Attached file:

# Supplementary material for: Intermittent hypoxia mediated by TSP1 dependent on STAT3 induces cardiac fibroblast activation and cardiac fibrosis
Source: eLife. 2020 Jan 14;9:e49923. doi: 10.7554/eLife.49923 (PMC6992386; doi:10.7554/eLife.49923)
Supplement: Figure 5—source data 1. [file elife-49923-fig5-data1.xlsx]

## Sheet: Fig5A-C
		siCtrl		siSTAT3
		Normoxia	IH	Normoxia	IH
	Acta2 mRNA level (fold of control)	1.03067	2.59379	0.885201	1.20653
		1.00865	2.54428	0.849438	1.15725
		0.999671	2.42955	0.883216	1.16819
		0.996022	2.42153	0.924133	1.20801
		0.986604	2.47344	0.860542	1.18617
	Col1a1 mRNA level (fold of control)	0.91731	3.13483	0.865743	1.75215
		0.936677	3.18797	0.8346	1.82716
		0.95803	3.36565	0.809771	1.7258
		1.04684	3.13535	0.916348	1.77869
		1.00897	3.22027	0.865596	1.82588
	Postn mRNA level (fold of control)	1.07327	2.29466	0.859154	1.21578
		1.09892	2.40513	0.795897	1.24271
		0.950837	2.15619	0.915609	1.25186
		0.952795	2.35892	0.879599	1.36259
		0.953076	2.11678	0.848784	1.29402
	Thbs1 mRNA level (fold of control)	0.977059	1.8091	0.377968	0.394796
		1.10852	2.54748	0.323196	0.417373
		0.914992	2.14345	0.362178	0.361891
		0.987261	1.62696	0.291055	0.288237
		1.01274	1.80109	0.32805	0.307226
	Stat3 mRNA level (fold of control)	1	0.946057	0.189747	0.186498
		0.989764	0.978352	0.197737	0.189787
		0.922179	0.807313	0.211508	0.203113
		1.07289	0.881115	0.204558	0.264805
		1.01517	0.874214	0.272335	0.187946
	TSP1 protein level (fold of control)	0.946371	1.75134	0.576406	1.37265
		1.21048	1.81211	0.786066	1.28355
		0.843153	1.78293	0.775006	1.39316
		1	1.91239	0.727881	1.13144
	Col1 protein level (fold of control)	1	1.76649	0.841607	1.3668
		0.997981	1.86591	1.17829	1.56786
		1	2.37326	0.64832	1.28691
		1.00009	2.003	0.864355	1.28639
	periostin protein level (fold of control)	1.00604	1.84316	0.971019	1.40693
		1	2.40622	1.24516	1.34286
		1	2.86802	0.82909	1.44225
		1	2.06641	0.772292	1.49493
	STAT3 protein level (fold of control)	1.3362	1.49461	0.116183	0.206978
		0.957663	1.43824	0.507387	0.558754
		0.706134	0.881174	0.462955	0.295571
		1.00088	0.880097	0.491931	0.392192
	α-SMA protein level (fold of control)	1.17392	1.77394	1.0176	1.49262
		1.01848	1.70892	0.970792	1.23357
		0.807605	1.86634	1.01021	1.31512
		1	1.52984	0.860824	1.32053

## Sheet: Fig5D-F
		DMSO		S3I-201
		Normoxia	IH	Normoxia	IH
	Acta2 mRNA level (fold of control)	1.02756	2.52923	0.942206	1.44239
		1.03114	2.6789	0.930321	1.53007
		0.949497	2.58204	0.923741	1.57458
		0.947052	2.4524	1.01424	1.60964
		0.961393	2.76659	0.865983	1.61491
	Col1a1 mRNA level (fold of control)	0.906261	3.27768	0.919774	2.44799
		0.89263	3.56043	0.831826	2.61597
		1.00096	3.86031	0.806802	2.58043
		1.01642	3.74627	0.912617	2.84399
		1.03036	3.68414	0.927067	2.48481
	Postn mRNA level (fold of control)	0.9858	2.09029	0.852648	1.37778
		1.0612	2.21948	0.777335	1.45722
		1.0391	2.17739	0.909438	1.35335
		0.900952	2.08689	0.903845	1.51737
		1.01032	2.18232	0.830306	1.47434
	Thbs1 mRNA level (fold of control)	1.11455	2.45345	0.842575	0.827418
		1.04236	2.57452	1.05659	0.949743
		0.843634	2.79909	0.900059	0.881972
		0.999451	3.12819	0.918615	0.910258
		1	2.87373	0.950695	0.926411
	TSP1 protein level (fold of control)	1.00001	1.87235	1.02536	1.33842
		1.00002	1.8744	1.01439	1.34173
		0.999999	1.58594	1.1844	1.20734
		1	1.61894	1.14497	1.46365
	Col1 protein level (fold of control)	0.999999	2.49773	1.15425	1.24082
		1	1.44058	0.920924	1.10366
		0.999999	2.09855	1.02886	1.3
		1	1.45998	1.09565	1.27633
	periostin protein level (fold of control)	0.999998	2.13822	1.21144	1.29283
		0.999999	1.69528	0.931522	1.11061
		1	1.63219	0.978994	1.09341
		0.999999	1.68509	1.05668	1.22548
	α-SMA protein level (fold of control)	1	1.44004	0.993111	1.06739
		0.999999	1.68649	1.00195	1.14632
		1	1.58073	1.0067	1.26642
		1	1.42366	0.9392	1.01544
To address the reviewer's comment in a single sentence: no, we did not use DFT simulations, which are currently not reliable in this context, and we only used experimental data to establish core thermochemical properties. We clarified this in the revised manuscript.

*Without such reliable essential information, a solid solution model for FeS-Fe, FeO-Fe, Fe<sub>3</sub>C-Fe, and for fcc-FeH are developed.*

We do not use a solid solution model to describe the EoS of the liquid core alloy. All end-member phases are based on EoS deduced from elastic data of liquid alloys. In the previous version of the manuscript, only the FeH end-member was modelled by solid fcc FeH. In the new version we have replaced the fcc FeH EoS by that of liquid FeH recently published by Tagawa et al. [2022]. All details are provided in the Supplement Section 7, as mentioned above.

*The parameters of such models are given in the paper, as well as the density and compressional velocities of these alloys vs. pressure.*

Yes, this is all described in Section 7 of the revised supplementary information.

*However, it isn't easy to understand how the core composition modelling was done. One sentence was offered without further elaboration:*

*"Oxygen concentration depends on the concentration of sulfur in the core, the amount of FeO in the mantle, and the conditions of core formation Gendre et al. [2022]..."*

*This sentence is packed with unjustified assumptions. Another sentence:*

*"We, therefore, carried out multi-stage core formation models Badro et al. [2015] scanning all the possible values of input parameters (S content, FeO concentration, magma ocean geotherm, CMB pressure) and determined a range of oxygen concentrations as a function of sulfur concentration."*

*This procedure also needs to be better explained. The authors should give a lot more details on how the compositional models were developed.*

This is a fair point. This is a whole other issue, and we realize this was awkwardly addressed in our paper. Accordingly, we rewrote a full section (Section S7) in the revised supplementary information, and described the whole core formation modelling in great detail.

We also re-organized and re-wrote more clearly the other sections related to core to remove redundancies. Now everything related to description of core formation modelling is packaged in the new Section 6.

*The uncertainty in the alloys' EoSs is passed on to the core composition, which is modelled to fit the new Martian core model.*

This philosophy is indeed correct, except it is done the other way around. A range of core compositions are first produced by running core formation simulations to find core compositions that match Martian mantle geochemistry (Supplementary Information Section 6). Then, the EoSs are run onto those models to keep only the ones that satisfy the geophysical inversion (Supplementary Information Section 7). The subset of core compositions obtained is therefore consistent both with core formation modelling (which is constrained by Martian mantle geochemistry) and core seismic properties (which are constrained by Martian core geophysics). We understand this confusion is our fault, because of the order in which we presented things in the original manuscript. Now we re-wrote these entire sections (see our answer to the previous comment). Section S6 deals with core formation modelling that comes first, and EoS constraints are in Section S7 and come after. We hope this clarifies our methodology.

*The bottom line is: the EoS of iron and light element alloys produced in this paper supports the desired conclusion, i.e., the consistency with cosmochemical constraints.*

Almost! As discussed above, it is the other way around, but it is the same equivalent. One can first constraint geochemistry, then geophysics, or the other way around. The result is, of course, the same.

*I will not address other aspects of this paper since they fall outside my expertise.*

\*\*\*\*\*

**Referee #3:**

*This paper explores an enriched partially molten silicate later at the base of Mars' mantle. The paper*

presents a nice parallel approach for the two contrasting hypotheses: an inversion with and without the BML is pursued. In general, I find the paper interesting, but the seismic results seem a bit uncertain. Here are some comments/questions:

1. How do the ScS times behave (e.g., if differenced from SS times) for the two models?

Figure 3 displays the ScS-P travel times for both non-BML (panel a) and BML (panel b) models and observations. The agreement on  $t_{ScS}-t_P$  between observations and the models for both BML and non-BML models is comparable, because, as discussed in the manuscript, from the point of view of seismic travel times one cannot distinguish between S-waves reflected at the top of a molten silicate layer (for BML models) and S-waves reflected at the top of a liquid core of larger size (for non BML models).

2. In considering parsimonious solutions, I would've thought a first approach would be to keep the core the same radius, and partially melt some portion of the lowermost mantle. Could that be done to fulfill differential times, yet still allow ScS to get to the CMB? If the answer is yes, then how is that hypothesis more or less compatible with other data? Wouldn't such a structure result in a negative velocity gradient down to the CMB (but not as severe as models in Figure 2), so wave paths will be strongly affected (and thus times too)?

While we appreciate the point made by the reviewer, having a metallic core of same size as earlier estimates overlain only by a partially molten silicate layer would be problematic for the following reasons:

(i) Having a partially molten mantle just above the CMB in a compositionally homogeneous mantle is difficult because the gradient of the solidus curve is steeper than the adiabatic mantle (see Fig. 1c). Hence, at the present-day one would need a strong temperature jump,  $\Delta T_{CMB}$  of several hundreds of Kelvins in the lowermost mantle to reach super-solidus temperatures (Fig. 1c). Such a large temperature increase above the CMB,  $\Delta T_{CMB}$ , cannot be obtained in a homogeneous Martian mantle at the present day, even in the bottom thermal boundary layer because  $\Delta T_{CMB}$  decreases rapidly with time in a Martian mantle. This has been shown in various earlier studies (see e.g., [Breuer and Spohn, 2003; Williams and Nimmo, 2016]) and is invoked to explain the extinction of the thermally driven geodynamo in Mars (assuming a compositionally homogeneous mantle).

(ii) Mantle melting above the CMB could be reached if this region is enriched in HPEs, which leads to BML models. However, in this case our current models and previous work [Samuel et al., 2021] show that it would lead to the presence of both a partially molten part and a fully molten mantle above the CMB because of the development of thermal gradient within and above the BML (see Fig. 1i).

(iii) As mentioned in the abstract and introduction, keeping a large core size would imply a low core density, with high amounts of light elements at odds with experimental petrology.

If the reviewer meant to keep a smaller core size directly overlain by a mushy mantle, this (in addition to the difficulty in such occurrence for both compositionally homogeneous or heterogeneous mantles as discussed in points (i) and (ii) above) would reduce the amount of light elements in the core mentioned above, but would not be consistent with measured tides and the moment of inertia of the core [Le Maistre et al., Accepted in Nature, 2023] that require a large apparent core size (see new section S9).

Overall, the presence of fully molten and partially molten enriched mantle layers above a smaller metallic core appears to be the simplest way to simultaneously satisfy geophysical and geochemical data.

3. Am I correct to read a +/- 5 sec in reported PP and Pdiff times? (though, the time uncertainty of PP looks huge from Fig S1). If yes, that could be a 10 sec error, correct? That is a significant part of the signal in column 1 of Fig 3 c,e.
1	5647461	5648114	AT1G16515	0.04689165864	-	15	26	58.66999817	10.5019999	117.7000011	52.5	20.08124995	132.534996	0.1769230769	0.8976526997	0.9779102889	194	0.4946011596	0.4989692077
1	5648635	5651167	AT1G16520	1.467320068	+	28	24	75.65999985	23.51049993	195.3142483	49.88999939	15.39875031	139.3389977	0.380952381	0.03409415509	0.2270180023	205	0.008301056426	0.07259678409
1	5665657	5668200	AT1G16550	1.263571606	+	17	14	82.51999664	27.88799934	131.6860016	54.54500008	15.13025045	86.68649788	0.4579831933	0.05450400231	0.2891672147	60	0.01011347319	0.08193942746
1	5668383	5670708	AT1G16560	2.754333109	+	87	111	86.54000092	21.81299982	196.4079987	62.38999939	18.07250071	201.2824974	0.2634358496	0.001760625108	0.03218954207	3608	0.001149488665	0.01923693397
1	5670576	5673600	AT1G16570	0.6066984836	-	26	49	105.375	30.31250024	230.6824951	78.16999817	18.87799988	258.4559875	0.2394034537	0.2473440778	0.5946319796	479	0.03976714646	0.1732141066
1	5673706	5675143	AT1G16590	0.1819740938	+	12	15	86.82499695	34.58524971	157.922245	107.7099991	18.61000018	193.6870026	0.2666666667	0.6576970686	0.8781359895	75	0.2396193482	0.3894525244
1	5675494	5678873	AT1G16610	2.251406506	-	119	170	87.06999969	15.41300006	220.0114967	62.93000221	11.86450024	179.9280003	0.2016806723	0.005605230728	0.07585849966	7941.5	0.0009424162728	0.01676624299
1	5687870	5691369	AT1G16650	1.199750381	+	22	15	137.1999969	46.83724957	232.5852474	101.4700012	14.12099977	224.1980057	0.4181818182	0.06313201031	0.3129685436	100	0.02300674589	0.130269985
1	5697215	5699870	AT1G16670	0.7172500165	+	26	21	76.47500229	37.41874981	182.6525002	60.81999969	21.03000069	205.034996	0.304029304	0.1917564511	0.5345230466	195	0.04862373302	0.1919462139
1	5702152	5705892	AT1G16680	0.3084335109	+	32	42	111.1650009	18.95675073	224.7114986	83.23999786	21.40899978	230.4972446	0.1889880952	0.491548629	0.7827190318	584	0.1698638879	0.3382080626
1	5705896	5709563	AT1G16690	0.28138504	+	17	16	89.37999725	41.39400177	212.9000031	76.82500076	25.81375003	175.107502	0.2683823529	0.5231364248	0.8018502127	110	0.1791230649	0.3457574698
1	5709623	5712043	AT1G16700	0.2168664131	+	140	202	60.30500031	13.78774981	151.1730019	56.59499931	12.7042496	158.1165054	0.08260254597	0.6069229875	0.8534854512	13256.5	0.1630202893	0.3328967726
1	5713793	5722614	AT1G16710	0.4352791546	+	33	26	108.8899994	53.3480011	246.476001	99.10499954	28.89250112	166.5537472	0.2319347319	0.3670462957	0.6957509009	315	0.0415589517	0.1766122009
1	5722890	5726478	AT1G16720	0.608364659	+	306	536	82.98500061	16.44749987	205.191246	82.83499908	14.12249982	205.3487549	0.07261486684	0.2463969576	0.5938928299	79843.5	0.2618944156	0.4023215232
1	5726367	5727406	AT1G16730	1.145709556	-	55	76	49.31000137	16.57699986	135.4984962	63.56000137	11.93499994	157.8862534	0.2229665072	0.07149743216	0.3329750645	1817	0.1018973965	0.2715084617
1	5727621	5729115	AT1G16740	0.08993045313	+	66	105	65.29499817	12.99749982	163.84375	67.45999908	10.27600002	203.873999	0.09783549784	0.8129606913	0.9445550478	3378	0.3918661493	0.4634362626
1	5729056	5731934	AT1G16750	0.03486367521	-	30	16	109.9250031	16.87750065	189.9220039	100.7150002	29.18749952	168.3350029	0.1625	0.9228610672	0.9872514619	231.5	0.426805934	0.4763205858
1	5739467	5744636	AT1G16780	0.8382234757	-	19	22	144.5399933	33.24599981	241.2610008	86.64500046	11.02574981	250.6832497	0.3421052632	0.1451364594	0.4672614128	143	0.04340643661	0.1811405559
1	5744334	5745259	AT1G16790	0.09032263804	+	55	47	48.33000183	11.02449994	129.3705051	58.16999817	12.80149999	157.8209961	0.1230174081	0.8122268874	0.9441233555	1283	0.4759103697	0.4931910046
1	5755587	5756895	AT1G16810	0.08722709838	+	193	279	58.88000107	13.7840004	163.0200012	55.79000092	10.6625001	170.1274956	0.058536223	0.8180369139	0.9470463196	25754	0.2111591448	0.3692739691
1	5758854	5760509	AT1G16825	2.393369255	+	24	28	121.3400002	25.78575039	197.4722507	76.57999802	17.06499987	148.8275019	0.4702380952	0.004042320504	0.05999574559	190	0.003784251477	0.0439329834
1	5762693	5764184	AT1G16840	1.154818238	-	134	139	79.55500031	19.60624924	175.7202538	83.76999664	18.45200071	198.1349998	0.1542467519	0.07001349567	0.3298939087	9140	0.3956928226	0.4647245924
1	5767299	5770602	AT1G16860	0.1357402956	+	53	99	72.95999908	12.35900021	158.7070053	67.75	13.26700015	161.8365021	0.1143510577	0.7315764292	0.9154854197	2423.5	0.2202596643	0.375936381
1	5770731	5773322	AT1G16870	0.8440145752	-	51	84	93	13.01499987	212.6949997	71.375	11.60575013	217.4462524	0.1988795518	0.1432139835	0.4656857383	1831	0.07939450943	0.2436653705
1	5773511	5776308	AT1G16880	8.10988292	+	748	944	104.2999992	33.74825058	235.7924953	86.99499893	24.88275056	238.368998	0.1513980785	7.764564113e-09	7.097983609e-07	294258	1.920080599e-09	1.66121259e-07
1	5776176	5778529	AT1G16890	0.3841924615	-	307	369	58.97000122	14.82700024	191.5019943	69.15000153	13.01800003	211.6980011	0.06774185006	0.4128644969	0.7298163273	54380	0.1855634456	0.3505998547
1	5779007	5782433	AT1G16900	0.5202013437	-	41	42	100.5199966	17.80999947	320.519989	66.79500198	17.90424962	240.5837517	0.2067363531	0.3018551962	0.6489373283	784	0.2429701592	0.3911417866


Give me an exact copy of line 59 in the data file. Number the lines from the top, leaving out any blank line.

		0.961393	2.76659	0.865983	1.61491